host the ghetto as most of the city’s Jews already lived in the
district; indeed - as opposed to Kraków or Warsaw - there
62 Łódź In Your Pocket

was little swapping of homes that fell on the wrong side
of the wall between Jews and gentiles. The Łódź Ghetto is
also commonly known as the Litzmannstadt Ghetto - on
May 5, 1940 the city of Łódź was renamed Litzmannstadt
in honour of the German general who (unsuccessfully)
attempted to occupy Łódź in World War I.
TRACES OF THE GHETTO
The area which once formed the ghetto is today covered
with Socialist Realist leftovers, as well as whole swathes of
buildings that seemingly haven’t seen a lick of paint since
the Germans left. It’s a real rundown part of the city this, and
frankly you’d be advised to keep the camera hidden and
a spring-loaded truncheon at hand. On the plus side, the
intrepid explorer will be rewarded by a moving trip back in
time. Filled with forgotten courtyards and derelict doorways,
it’s not hard to feel the ghosts of the past as you walk the
streets of Łódź’s now silent Jewish quarter. Before setting
off it’s worth bearing in mind a couple of points: firstly, you
will be covering a distance of approximately ten kilometres,
so it’s probably best not to attempt this in the middle of
summer with a computer bag strapped to you. Secondly, to
get the most out of the sites you’ll be passing, pick up a copy
of Joanna Podolska’s Traces of the Litzmannstadt- Ghetto
(see Further Reading for details). Finally, while it is often
suggested to start at the Rynek before concluding your
tour at Radegast Station (the train station where Jews were
deported) - a logical route for those who wish to follow the
chronological history of the ghetto - it’s certainly not the
most practical. Radegast is in the middle of nowhere, so to
get the most out of your day we suggest taking a taxi first
to Radegast, and then following the trail all the way back to
the centre not vice versa.

WALKING TOUR
RADEGAST STATION
“Today we are building a bridge of memory and dialogue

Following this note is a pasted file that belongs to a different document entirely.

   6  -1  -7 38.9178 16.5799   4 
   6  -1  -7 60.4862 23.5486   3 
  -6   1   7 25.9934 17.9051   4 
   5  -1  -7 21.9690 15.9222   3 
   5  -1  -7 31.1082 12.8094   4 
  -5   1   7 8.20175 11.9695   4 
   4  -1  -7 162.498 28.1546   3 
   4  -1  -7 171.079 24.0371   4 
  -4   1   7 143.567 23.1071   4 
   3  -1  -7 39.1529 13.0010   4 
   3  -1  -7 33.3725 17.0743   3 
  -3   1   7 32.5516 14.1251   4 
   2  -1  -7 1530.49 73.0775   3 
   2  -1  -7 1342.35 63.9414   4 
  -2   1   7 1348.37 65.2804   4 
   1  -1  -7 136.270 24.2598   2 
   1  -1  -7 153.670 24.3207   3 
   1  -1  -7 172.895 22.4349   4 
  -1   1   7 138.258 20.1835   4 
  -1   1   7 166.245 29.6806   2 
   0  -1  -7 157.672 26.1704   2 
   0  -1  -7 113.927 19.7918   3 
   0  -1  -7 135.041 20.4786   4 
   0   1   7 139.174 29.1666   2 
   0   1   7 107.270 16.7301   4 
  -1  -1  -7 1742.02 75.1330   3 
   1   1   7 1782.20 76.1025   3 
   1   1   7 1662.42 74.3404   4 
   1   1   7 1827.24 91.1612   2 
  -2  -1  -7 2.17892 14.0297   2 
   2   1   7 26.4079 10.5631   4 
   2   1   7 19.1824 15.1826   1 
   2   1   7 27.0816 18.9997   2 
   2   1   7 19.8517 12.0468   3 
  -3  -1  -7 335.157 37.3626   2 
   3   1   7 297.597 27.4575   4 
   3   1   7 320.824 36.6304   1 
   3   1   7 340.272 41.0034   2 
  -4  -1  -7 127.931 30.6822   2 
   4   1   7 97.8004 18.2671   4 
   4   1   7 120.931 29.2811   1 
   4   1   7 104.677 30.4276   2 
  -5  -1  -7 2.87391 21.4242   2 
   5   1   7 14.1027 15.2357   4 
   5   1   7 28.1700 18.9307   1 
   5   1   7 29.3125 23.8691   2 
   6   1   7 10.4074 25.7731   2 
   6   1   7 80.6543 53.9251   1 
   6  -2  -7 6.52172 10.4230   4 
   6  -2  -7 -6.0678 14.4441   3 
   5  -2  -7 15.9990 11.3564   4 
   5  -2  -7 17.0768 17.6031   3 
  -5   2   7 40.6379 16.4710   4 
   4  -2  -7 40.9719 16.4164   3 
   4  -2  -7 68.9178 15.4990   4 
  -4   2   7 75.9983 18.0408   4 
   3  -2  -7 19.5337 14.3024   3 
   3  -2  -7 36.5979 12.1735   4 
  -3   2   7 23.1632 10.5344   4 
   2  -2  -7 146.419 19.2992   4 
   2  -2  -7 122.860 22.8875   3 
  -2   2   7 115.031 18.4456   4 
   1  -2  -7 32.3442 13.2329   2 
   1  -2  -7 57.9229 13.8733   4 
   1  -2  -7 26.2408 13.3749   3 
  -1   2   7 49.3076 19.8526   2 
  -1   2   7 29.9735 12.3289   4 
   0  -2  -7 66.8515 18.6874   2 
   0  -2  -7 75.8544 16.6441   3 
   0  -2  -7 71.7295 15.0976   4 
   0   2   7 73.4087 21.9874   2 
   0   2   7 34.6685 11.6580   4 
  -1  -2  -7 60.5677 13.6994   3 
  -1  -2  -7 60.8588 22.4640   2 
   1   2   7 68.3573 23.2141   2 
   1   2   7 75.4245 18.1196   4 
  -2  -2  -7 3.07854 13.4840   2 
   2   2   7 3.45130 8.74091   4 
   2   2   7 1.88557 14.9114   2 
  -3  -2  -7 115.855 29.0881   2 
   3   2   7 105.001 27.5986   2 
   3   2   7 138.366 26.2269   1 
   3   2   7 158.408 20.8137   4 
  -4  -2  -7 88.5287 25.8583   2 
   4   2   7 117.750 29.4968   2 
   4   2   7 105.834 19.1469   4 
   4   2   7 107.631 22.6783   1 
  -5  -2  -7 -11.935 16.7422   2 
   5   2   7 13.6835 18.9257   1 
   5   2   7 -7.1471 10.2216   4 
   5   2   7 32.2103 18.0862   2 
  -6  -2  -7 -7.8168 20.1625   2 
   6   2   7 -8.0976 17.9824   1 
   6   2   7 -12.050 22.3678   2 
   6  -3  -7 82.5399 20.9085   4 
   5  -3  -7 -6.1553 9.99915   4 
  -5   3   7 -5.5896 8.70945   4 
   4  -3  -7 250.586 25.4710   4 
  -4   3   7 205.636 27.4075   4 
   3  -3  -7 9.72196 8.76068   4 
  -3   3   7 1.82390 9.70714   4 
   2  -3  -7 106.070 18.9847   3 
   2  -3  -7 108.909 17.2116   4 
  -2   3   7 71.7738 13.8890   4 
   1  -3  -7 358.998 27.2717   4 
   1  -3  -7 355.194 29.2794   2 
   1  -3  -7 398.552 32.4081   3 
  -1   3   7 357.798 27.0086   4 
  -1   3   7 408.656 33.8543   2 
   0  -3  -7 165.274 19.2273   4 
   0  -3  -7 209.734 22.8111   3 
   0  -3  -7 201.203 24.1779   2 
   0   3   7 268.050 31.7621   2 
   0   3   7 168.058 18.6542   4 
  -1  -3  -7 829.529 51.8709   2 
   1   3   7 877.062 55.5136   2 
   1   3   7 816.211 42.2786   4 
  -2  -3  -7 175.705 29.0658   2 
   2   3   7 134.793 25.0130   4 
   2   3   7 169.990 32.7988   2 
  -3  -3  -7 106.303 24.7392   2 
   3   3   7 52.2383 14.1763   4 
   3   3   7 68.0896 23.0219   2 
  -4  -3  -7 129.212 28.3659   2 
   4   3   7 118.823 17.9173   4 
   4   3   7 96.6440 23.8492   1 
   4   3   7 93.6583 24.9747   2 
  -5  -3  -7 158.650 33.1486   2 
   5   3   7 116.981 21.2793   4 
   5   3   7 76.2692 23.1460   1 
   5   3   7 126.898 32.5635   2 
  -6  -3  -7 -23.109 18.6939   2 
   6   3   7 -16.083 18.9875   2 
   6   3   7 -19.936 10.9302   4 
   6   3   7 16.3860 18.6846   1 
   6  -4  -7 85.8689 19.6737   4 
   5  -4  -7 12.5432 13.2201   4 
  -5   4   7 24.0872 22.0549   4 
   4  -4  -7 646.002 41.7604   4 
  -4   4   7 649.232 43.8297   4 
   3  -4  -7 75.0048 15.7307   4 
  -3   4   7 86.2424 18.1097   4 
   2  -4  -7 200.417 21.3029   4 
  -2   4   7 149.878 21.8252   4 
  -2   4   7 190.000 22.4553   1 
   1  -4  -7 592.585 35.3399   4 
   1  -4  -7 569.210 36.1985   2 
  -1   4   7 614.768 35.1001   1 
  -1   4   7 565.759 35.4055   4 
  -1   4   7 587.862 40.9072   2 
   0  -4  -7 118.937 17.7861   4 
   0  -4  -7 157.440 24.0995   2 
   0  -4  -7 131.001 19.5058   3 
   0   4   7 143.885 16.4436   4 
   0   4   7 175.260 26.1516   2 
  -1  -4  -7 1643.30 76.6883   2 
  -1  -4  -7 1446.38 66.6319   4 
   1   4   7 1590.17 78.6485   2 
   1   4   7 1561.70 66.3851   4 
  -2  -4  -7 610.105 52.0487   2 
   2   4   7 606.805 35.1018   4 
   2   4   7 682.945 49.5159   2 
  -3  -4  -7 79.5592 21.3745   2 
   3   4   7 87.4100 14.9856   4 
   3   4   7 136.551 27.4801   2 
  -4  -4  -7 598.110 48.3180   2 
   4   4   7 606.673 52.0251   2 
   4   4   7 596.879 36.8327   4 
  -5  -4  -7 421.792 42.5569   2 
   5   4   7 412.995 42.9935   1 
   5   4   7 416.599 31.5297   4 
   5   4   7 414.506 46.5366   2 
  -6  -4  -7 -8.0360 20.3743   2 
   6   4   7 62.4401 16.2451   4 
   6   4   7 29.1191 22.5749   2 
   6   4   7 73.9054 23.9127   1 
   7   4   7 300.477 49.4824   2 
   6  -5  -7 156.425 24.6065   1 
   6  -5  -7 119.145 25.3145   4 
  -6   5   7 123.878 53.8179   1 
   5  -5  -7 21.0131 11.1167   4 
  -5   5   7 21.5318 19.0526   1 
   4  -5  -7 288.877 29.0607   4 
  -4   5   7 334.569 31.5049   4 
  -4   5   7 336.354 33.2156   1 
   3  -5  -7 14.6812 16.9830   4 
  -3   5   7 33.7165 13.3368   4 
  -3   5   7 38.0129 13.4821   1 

over the decades of tragic forgetfulness.”
Marek Belka, Prime Minister of Poland, 2004.
As with many Holocaust
sites across Eastern Europe,
Radegast Station - from
where as many 200,000 Łódź
Jews left for the death camps
of Chełmno and Auschwitz
- has only recently been
accorded the honour and
Photo: A. Wach, Courtesy of
Łódź City Council
respect it deserves. It has
been thoughtfully restored as a place of remembrance,
and though it is a long walk from the centre of Łódź, it is
well worth a visit. Three original Deutsche Reisebahn cattle
trucks stand poignantly at the station’s platform with their
doors open, as if another trainload of Jews is imminent.
Though most visitors are tempted to enter the waggons,
almost none actually do. Elsewhere there are large signposts
- in the shape of headstones - denoting the destinations of
the trains which left here: Stutthof, Ravensbruck, Chełmno,
Auschwitz. There are also plaques commemorating the
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Jewish Łódź
Jews of Vienna and Luxembourg, who were transported to
the death camps after transiting through the ghetto. The
plaque from the city of Vienna is suitably, simply repentant:
“The city of Vienna commemorates its citizens in mourning
and in shame.” There are now two permanent exhibitions
in the museum: “Litzmannstad Getto 1940-1944” and “Kufer
Rodziny Schwarz”.QG‑2, Al. Pamięci Ofiar Litzmannstadt
Getto 12, tel. (+48) 42 291 36 27, www.muzeumtradycji.
pl. Exhibits can be viewed 09:00 - 17:00; Wed, Thu 10:00 18:00; Sat, Sun 10:00 - 16:00. Closed Fri. For groups of 10
or more guided tours in English are 30zł. Please book in
advance by calling 42 291 36 27 or 783 75 53 91.
JEWISH CEMETERY
The largest Jewish cemetery in Europe holds 180,000
graves, with many laid to rest inside ostentatious tombs
that are works of art themselves (including the biggest
Jewish mausoleum which belongs to Israel Poznański).
Less ceremonious was the burial of the 45,000 or so Jews
who died in the ghetto - you’ll find them interred in the
so-called ‘Ghetto Field’ in the south of the cemetery. This
is where the ‘clean-up squad’ of around 800 Jews who had
remained to clear the ghetto were forced to dig their own
graves. The Nazis, surprised by the speed of the Soviet
advance, didn’t have time to carry out the execution, and
the empty graves have been left as eerie reminder.QG‑2,
ul. Bracka/ul. Zmienna. Open 08:00 - 15:00. Closed Sat.
Admission 6zł, free first Sunday of every month.
THE MONUMENT IN COMMEMORATION OF THE
POLISH CHILDREN MARTYRDOM
The ghetto was also home
to a separate camp for Polish
children, and this was located
on ul. Przemysłowa. Today
only a former admin building
remains at number 34,
though a large memorial can
also be spotted if you carry
on walking straight into Park
Szarych Szeregów. Depicting
an emaciated figure staring
through a cracked white heart, the monument is dedicated
to the 1,600 children who were processed through the
camp once found on these grounds. Beatings and hard
labour were standard here, and it is estimated that over